So, even though he got all his equipment back this week, and even if the courts ultimately decide that this search was illegal, Carmody’s ability to continue to work as a journalist is perhaps forever impaired by the San Francisco Police Department’s raid.
For those just catching up, here’s the critical information at the root of this furor: After the celebrated San Francisco Defense Attorney Jeff Adachi died suddenly on February 22, several Bay area television stations reported the details contained in a leaked 16-page police report, including the address of the private apartment where Adachi collapsed and the fact that he was with a woman who was not his wife.
This case is more Bonfire of the Vanities than Pentagon Papers.
And of course that’s the point. After publicly elected officials loudly criticized the SFPD for leaking the report to harm Adachi’s reputation and demanded they investigate, the police needed to demonstrate they were doing something to find the leak in their own ranks. Apparently their internal investigations failed, as did their request for Carmody to voluntarily reveal his source.
It’s important to note here that the police did not barge into the San Francisco Chronicle and seize equipment and documents, even though a Chronicle reporter also obtained a copy of the same report.
Going after Carmody, a lone wolf without legal protection, was a lot easier. Just yesterday the U.S. Department of Justice employed the same strategy in charging Julian Assange with espionage. “The calculation by the Department of Justice is that here’s someone who people don’t like,” media attorney Theodore J. Boutrous Jr. told the New York Times.
Going after Carmody gave the SFPD the ability to say they were aggressively pursuing the leak. It also gave them a chance to effectively neuter a journalist who frequently reported on their work.
Some supporters of the police raid have suggested that Carmody doesn’t deserve to be treated like a journalist because he is not attached to a single newsroom, and because he sells raw material to other newsrooms, as opposed to completed stories or packages. McCraw disagrees. In fact, Carmody holds a press pass granted by the SFPD.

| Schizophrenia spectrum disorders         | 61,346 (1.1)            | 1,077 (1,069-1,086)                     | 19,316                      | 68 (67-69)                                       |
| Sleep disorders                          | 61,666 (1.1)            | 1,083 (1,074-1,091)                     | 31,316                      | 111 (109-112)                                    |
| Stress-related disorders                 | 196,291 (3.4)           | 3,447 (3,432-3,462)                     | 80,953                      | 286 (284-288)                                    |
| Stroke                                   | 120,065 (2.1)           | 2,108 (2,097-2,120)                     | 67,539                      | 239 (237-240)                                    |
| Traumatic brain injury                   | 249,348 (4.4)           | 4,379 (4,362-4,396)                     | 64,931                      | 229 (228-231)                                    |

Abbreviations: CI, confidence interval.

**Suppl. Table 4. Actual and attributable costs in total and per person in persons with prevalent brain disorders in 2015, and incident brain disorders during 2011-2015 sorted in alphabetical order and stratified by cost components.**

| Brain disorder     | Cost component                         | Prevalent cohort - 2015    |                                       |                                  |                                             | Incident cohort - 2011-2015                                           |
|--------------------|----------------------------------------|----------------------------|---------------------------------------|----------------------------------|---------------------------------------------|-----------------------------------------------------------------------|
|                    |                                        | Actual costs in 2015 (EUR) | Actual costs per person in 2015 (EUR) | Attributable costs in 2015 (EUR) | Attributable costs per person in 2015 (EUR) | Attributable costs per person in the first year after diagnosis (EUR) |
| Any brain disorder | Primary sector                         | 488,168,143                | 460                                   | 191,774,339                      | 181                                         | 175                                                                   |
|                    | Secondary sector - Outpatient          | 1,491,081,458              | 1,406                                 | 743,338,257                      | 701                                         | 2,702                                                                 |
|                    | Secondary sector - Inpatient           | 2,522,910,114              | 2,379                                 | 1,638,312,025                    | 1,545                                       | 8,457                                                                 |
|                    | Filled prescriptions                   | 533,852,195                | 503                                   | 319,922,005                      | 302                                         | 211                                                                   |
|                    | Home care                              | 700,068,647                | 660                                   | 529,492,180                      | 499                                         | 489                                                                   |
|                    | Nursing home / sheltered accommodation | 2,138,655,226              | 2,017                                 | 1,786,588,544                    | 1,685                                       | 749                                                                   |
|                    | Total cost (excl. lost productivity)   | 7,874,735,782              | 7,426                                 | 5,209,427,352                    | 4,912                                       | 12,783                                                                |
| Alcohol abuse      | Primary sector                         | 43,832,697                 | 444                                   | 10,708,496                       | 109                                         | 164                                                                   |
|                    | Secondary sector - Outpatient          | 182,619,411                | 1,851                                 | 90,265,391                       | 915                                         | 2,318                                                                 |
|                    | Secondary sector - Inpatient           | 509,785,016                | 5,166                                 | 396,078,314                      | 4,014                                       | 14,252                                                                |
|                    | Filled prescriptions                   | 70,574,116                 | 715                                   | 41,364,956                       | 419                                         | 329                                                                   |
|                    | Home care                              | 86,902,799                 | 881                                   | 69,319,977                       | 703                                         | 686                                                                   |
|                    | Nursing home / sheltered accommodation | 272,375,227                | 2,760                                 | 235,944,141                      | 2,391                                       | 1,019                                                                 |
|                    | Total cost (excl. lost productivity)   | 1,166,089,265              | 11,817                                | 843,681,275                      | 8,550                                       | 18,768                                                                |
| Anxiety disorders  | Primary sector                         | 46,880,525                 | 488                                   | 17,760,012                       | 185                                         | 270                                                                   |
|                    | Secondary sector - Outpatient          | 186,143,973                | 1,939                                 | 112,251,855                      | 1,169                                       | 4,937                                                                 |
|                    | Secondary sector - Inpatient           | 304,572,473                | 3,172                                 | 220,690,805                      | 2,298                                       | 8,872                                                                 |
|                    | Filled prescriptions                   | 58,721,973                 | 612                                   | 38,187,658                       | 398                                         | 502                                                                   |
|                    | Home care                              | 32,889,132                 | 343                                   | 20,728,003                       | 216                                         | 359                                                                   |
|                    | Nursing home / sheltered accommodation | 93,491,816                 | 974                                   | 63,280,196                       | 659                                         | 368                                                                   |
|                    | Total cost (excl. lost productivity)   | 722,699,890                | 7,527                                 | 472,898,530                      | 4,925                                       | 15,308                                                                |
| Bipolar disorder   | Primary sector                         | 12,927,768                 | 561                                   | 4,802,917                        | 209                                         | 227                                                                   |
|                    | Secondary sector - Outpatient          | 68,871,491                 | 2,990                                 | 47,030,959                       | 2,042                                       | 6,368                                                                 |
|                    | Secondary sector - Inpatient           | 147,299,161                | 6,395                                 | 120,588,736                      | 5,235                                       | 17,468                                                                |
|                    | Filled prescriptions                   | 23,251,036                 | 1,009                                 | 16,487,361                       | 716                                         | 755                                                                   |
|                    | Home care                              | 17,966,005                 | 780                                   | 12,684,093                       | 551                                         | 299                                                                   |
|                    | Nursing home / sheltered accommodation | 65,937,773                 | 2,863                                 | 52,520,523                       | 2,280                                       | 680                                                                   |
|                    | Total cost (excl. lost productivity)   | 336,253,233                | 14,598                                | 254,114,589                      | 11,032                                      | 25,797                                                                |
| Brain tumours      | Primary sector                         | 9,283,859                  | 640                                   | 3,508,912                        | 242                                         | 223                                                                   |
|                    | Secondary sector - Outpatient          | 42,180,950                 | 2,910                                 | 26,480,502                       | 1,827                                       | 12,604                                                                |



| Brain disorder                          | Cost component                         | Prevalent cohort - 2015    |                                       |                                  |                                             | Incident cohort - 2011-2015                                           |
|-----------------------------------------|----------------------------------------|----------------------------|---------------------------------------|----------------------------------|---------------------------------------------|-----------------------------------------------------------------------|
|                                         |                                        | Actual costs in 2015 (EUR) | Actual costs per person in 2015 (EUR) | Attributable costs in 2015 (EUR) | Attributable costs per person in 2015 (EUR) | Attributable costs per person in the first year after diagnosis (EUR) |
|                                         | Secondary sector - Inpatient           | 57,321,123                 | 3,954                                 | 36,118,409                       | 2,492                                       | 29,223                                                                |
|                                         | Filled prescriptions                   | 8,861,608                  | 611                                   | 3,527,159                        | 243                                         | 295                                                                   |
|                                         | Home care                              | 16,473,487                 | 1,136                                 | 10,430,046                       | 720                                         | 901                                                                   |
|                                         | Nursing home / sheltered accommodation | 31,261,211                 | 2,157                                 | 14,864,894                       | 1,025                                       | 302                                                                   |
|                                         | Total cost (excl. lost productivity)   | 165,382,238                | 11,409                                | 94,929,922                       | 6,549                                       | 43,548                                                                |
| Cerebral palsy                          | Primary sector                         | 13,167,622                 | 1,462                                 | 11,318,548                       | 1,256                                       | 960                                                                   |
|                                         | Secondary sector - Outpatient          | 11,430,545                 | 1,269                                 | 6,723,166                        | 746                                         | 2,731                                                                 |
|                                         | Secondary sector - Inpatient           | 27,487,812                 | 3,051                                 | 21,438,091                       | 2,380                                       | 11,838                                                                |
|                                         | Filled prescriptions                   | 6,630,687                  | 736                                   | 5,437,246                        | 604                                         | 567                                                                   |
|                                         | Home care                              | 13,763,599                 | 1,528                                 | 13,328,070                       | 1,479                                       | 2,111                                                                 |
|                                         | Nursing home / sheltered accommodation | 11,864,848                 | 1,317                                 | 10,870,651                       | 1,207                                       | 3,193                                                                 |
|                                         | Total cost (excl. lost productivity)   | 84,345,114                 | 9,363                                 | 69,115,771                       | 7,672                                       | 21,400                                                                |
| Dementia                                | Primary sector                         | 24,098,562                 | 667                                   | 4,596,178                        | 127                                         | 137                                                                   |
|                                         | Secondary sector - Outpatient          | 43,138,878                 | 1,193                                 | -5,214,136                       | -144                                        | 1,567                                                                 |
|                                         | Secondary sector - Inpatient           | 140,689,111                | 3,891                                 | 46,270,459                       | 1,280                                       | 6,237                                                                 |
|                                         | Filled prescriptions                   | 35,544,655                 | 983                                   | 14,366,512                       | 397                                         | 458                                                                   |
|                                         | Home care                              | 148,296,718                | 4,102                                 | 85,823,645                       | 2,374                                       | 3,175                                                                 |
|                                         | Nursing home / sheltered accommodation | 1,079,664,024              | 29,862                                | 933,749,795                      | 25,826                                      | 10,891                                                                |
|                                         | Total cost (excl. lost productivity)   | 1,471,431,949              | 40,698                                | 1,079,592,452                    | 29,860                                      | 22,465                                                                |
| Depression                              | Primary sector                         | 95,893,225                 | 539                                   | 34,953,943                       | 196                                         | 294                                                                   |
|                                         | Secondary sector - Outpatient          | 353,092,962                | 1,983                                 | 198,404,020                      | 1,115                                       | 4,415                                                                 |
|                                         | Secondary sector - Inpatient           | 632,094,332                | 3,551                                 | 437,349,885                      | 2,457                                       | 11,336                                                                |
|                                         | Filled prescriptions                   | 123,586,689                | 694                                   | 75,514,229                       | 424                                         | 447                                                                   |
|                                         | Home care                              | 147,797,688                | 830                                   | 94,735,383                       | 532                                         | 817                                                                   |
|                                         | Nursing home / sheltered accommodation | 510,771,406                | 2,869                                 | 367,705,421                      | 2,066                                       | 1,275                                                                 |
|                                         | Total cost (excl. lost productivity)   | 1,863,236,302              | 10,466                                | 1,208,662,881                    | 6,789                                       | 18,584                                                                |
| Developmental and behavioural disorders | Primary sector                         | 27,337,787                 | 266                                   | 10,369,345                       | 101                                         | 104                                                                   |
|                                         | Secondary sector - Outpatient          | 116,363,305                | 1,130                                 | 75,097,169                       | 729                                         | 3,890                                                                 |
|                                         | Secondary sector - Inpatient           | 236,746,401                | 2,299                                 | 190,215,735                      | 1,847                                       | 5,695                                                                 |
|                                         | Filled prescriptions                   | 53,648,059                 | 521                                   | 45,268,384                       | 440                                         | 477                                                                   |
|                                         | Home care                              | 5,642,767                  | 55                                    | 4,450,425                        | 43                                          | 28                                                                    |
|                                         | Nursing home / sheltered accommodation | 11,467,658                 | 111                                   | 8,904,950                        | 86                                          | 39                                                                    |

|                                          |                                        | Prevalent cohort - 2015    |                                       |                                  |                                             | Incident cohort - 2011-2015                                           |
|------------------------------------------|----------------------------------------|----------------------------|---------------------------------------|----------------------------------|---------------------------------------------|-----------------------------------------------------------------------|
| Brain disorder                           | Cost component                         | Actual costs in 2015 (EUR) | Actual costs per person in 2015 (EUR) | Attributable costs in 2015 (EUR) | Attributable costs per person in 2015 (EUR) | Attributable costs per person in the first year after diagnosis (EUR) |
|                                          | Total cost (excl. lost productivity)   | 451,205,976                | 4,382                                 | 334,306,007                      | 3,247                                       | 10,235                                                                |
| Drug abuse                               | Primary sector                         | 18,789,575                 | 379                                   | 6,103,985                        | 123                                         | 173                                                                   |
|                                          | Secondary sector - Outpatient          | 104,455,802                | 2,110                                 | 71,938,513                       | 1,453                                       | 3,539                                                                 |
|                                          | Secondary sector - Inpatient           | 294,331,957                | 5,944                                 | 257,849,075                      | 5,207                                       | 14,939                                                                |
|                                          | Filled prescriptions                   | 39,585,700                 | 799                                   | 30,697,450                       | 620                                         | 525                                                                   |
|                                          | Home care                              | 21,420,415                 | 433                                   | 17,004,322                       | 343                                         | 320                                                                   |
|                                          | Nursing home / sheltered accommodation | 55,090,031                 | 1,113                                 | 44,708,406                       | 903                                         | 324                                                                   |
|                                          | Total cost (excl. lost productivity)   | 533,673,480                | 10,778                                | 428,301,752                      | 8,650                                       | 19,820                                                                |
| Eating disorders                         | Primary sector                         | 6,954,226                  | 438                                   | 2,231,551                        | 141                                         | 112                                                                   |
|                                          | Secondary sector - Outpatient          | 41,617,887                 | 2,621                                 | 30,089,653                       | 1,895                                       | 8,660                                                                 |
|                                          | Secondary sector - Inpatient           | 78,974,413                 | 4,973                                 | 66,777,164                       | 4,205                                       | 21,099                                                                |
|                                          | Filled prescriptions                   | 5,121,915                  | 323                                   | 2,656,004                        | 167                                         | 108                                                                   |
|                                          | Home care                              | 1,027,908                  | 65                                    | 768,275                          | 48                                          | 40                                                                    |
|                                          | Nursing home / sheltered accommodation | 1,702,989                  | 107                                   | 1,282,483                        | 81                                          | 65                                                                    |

Dozens of news organizations and professional associations signed a friend of the court letter, pointing out the police raid violated both California and federal law. McCraw was among the signers.
While the lawyers and journalists seem reasonably certain that a court review will eventually find the search improper, I am more concerned about the steady chipping away of public support for journalism.
So is McCraw. He believes the court of public opinion poses more of a threat than bad case law. He makes this very argument in his recently published book, “Truth In Our Times: Inside the Fight for Press Freedom in the Age of Alternative Facts.”
“This case reminds me a little bit like when everybody rallies for Hustler magazine when there’s an important free press issue. You don’t feel good about embracing that particular defendant, but you gotta embrace the press,” McCraw said. Later he added: “I think raising doubts about the press is a dangerous and toxic approach. If the press isn’t believed it really loses its power just as if it was restrained.”
If that’s the case, you can see how the First Amendment takes a hit and how the police in San Francisco get a win, even if they lose in court. It’s not a big hit. By continuing to argue publicly that their raid was justified, and that this particular journalist is a bad person who shouldn’t be trusted, the SFPD adds to the public confusion over the role of the press.
It’s one more swipe at the messengers and one more reason for someone to doubt those who deliver the news.